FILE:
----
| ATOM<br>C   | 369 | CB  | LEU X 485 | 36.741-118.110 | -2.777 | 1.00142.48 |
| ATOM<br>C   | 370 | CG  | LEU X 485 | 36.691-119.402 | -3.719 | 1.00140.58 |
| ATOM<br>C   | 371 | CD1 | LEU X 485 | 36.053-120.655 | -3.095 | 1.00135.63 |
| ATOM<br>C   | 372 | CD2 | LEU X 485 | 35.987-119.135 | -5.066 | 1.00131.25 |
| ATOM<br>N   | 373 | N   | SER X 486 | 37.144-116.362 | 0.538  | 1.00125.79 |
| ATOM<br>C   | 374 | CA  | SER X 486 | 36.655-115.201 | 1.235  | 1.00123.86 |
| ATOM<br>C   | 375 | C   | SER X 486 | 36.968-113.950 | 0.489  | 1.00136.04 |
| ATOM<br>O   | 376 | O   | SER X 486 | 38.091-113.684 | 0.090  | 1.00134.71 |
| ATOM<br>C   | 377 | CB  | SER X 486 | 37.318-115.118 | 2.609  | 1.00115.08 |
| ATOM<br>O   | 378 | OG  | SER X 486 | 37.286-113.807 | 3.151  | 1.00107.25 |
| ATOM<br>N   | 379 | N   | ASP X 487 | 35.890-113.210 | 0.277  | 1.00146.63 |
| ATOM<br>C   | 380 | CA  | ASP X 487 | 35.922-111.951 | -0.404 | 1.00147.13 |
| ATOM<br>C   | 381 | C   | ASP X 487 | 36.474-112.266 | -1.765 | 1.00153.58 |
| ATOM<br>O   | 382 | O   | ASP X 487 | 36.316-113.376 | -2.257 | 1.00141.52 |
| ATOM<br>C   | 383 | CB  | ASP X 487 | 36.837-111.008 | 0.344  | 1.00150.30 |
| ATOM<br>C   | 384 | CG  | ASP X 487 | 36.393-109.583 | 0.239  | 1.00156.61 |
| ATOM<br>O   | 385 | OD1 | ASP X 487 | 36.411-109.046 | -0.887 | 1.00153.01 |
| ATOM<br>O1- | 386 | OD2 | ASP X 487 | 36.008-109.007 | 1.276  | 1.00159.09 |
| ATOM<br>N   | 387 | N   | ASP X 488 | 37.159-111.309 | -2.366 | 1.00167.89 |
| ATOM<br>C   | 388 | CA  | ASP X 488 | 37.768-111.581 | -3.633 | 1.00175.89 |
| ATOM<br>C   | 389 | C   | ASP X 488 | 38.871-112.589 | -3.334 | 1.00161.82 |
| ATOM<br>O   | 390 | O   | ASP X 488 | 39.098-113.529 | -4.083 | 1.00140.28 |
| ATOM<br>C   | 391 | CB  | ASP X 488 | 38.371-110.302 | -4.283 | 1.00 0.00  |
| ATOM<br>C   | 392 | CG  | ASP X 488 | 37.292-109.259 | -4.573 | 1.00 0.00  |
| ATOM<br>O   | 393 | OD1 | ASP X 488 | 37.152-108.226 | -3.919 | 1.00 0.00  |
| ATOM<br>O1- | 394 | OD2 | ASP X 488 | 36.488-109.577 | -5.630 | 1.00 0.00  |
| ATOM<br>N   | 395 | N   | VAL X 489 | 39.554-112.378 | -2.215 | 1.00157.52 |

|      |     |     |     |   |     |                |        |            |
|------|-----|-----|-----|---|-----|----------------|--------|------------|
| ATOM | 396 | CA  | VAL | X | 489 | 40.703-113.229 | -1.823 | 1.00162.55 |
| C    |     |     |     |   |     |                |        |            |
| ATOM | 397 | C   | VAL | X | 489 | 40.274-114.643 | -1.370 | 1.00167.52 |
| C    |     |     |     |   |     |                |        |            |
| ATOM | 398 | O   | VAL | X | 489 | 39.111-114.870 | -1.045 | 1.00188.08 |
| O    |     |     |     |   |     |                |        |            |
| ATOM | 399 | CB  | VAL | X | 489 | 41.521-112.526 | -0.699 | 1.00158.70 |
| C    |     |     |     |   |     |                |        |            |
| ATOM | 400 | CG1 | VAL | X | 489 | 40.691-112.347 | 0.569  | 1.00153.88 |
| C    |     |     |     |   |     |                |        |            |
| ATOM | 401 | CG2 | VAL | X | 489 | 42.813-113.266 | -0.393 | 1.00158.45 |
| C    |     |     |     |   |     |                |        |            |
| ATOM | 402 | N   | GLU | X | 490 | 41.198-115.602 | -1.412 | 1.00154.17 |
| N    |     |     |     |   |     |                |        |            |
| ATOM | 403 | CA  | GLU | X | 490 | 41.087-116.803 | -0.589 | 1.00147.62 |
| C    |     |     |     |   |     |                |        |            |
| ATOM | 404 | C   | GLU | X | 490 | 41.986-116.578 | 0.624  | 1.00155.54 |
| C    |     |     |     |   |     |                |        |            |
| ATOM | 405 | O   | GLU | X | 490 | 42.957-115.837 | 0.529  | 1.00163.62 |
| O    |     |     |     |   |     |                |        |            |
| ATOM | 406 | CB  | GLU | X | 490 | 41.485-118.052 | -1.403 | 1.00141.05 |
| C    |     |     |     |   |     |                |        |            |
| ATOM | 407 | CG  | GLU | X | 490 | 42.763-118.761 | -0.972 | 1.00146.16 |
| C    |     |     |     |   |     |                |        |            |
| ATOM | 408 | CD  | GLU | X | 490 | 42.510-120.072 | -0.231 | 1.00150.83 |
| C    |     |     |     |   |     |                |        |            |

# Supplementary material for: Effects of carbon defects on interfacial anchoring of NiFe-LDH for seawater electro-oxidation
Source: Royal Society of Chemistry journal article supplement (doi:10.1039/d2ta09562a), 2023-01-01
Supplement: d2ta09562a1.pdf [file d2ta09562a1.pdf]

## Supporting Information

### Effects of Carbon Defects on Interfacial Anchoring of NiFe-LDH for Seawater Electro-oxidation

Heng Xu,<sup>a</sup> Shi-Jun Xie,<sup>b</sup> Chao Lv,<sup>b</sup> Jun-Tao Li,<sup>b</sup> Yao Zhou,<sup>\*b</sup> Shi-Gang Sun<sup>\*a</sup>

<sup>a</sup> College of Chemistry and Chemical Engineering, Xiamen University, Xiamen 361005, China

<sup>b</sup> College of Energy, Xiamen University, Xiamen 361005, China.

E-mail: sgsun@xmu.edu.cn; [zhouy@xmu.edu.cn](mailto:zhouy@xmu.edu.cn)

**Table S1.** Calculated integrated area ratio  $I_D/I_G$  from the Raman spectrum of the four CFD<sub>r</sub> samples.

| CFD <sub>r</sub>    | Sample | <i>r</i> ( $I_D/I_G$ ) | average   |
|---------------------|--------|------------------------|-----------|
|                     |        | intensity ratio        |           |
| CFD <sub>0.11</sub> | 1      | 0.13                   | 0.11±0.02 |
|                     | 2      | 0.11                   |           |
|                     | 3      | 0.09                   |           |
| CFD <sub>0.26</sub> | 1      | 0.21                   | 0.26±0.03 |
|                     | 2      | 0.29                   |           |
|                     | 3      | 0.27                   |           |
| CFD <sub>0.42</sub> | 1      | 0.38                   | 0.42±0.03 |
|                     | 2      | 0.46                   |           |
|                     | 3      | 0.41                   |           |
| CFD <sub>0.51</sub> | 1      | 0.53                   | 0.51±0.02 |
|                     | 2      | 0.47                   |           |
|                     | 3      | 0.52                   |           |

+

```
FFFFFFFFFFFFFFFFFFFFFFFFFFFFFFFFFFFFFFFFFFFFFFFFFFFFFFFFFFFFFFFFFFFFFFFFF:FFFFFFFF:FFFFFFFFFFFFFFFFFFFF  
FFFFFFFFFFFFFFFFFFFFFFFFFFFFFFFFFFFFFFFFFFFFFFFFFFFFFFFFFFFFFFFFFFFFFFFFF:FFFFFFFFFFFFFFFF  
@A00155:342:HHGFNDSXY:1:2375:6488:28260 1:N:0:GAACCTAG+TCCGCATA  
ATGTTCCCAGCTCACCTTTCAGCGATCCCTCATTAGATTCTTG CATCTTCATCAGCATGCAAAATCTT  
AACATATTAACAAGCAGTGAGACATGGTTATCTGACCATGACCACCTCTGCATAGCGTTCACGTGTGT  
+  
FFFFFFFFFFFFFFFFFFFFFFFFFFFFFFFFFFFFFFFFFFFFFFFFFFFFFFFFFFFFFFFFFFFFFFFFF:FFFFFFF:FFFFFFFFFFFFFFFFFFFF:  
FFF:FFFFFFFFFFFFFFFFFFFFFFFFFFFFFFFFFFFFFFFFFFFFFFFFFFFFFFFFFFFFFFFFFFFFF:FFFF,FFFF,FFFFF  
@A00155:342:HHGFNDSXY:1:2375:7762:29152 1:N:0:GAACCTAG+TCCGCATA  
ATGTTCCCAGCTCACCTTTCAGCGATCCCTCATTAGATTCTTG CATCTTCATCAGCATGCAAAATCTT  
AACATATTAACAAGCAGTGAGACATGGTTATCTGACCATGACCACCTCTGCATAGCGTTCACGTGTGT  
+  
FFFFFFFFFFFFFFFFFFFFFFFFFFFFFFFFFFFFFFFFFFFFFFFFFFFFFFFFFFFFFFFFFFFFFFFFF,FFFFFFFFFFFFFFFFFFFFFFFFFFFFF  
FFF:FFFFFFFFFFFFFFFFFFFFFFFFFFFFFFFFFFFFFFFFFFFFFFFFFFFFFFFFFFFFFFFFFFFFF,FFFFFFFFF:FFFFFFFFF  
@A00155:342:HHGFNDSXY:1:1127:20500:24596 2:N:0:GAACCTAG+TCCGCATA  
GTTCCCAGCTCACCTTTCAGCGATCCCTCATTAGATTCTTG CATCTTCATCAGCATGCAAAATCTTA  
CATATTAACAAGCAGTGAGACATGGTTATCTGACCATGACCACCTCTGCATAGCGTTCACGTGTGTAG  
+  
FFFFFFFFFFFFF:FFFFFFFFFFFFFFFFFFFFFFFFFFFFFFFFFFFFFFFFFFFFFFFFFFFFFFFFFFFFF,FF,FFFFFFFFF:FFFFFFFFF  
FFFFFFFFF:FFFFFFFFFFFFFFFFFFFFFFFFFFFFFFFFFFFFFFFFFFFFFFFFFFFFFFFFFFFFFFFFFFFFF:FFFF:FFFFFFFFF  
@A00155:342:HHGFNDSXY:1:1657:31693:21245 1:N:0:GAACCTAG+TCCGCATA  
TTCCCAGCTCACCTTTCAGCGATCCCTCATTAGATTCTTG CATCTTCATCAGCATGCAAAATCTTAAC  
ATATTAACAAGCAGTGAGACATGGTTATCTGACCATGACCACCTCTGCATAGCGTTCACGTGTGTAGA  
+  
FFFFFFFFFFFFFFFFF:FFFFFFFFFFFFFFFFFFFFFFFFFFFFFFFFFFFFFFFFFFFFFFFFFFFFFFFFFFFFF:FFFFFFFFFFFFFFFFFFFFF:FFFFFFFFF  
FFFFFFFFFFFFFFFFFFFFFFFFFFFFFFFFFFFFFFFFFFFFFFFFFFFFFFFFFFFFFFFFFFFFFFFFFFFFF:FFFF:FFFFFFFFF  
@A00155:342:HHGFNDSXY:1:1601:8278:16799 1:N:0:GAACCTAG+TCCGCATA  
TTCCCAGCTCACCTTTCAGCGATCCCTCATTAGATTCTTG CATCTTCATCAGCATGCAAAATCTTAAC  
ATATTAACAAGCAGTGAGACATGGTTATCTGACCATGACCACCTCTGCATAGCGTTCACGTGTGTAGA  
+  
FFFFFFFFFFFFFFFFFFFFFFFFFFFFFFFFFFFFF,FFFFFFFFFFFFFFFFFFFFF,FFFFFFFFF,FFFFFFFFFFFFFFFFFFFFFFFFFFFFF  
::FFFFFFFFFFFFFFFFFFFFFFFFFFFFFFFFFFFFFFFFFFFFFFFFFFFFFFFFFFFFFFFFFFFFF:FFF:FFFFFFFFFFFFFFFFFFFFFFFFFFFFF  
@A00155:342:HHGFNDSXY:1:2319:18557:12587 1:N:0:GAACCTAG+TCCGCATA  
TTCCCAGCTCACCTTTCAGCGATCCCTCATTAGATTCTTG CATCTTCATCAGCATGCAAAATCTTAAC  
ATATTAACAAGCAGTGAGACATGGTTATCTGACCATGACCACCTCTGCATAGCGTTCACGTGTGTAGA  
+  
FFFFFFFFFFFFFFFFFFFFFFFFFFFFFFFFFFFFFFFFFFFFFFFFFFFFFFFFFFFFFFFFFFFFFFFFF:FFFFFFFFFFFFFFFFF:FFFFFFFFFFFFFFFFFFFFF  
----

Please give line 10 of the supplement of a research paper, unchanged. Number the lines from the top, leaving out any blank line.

| ATOM<br>O   | 378 | OG  | SER X 486 | 37.286-113.807 | 3.151  | 1.00107.25 |